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Destroying Journalism In Order to Save It?
One definition of suboptimization is doing something well that shouldn't have been done in the first place. Suboptimization is an apt description of Federal Trade Commission's project to develop ways the government could aid traditional news organizations during journalism's "reinvention" in the internet age.

The FTC's core mission is to protect consumers by countering anti-competitive business actions and "unfair and deceptive acts or practices." The Commission's job does not extend to looking for ways to shield old-line businesses from the effects of technological and cultural changes.

Many of the draft document's proposed recommendations include direct and indirect forms of government support for the media, such as establishing a "national fund for local news." Also discussed is the possibility of converting news organizations into tax-exempt organizations which could limit their ability to engage in political commentary.

The problem with federal support for private news organizations is that the news media is an irreplaceable watchdog and watchdogs rarely bite the hand that feeds them. Irrespective of whatever protections may be put in place, to the extent that the media is dependent of federal benevolence, they will not be independent watchdogs. Thus, the various support recommendations might save some businesses but would undermine journalism focused on public oversight of federal actions and inactions.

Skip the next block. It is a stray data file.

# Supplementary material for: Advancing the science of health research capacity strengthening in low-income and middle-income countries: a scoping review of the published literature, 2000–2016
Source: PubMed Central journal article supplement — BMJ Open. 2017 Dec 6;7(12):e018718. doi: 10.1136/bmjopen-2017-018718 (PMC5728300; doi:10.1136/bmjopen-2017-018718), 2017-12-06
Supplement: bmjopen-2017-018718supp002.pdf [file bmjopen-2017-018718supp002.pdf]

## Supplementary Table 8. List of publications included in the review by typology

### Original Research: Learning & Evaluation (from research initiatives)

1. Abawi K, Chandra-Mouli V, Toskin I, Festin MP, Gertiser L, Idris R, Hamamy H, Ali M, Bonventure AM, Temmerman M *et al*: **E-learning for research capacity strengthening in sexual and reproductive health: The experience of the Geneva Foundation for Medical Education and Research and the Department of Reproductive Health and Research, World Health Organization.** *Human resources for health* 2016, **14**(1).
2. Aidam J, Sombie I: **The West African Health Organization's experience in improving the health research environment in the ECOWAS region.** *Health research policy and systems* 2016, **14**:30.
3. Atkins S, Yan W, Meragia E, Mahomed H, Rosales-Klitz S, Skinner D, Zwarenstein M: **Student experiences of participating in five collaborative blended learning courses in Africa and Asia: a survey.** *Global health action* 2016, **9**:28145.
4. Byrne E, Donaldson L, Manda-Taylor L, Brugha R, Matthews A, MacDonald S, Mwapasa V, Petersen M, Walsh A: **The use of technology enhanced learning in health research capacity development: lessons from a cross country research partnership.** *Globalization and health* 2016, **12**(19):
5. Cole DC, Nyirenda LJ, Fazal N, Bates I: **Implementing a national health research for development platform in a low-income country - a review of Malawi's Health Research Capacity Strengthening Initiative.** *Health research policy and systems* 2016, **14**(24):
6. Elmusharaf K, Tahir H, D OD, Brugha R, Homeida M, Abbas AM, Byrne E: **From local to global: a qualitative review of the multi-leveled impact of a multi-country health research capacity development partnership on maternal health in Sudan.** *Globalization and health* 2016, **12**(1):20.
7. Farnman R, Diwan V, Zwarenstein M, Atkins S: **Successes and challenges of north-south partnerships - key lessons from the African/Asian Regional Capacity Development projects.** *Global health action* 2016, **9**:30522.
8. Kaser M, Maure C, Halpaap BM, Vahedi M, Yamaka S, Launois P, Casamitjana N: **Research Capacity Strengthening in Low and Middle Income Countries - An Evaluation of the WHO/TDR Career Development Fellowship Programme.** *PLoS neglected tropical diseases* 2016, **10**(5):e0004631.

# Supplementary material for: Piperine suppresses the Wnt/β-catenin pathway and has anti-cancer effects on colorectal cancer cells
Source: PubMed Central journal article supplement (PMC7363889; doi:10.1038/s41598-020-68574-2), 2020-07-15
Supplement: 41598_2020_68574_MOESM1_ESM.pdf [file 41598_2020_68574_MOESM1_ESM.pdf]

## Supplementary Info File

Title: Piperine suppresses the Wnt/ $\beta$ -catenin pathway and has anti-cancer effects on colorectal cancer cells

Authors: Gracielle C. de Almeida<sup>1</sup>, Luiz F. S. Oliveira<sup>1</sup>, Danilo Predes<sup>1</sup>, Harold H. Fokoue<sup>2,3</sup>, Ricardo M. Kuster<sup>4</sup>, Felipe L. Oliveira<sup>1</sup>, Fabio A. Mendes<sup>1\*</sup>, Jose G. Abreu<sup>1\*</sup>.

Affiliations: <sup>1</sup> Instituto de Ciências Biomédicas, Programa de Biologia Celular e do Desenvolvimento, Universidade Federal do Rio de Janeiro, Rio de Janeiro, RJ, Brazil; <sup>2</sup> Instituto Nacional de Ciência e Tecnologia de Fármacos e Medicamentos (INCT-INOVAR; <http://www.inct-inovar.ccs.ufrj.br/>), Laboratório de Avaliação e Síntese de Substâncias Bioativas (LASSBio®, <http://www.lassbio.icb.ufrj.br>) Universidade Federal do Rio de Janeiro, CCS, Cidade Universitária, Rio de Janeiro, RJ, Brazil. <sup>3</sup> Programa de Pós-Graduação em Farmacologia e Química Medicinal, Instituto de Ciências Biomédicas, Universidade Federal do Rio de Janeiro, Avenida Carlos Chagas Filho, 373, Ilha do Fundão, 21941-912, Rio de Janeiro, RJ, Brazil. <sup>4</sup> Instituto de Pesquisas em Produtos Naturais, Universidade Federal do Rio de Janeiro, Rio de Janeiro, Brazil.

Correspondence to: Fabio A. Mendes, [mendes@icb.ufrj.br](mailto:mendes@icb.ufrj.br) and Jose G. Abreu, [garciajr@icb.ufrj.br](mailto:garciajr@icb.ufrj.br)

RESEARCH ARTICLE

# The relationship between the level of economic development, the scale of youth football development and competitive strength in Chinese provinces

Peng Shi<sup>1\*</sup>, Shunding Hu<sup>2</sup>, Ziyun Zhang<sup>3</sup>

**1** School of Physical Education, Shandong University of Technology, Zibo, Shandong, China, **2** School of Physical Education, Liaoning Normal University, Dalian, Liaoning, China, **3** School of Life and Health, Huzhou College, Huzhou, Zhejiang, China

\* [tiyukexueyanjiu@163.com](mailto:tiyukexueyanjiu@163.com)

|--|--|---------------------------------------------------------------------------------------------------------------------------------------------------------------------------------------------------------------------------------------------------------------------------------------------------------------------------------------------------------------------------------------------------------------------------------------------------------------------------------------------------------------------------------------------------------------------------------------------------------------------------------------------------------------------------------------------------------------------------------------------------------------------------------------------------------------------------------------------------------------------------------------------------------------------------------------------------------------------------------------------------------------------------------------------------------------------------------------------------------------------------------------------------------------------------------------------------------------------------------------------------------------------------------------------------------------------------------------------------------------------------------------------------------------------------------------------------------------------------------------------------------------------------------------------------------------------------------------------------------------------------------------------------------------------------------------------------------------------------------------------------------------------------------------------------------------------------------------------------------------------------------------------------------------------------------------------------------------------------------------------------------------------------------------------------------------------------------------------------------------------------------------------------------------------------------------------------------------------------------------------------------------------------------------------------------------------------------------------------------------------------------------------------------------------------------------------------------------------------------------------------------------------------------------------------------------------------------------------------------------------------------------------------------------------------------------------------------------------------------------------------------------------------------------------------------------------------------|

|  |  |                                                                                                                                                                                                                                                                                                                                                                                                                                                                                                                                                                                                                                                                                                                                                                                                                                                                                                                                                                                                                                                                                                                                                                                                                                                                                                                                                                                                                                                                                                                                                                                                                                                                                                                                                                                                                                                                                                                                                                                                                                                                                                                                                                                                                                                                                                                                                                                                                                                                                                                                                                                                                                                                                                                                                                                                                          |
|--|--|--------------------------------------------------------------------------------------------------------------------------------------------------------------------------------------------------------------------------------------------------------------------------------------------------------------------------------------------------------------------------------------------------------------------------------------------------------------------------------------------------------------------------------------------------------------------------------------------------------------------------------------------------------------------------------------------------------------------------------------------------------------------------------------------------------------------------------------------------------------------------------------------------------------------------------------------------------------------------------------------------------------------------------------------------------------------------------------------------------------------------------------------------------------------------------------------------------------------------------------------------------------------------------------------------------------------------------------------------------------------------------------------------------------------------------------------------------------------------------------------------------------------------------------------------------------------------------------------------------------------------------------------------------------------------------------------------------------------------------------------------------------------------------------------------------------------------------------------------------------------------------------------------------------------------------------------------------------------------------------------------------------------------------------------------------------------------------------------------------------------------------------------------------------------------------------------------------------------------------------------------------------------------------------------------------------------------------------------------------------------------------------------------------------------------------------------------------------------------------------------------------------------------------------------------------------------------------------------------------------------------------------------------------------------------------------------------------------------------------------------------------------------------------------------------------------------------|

One issue that was strangely overlooked in the agency's discussion of internet age media is the changing ways in which the public stays informed about policy issues and participates in the associated debate. The growing use of blogs and Interactive Public Dockets (IPDs) should be a basic topic in any agency analysis of internet age media. Instead of seeking ways to support select industries, agencies should be examining ways of encouraging the use of private-sector IPDs, as the FDA recently did by publishing an announcement of an IPD on its transparency blog.

The FTC is an admirable organization that enjoys substantial intellectual resources. It is incumbent on the Commission to use them wisely.

See FTC Staff Discussion Draft, "Potential Policy Recommendations to Support the Reinvention of Journalism"

See "Withering Watchdogs"

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